St. Ignatius is one of the earliest Christian Martyrs. He was arrested in Antioch and, for unknown reasons, and was transported across half of the empire to Rome for punishment. Some suffering souls have experienced the passion of Christ in the very same manner that Christ did. Stigmatists have had bloody holes pierce their palms, felt the pressure of a crown of thorns on their skull, or the pain of an open wound in their side. Such re-livings of the passion show an advanced spirituality and detailed meditation on Christ’s final hours. They want to offer their entire lives like wheat in the jaws of lions. The original martyrs were just open to dying.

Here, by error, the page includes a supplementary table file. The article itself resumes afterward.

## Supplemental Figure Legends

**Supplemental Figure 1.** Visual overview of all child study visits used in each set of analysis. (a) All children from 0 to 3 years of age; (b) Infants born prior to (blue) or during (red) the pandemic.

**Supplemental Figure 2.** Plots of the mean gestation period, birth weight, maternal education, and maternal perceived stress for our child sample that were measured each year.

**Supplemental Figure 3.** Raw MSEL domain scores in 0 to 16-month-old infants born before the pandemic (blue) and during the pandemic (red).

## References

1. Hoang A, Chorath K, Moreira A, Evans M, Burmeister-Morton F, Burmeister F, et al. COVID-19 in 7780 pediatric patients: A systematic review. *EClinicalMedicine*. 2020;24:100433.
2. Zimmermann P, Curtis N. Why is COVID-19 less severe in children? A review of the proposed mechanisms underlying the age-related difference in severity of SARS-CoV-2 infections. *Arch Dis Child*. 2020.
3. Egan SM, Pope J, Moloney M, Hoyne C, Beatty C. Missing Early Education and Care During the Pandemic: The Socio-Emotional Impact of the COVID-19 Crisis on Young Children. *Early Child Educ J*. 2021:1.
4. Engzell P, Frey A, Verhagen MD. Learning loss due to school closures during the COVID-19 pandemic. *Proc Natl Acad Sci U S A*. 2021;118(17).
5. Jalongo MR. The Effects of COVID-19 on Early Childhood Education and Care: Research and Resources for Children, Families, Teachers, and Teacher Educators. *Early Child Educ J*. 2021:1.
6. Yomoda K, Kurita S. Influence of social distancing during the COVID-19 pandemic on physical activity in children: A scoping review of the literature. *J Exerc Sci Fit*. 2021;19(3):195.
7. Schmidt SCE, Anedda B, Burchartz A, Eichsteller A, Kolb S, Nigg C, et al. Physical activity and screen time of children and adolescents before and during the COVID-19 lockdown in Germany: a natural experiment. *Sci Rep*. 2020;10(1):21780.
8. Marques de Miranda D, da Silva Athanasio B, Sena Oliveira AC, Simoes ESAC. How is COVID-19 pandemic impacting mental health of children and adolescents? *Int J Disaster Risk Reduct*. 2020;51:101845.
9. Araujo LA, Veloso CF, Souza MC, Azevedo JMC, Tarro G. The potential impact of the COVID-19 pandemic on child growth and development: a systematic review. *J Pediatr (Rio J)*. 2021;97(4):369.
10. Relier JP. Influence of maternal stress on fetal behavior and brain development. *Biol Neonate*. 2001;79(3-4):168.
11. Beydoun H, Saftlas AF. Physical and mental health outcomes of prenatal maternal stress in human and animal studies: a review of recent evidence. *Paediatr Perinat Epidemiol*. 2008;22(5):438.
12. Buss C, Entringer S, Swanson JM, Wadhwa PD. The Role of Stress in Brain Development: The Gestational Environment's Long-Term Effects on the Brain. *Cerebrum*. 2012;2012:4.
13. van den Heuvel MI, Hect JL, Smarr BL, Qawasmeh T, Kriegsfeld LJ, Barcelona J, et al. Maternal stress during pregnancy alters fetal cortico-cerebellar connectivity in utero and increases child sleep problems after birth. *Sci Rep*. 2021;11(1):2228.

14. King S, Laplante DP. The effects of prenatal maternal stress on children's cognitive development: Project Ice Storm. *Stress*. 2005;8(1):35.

Ignatius wrote in explicit language about the Holy Eucharist,
the Catholic Church, and the importance of bishops. He was
the first to use the word “Catholic” in reference to the Church:
“Wherever the bishop appears, there let the people be; as
wherever Jesus Christ is, there is the Catholic Church.” “There
is one Physician who is possessed both of flesh and spirit; both
made and not made; God existing in flesh; true life in death;
both of Mary and of God…” He understands the Eucharist as
literally the flesh of Christ.
In his last liturgical act, he gave the gift of himself, and was
torn apart by the powerful jaws of lions. Although his body
was ripped to pieces, some bones were picked out of the grains
of sand and brought back to Antioch. They are now found in
the Basilica of San Clemente in Rome.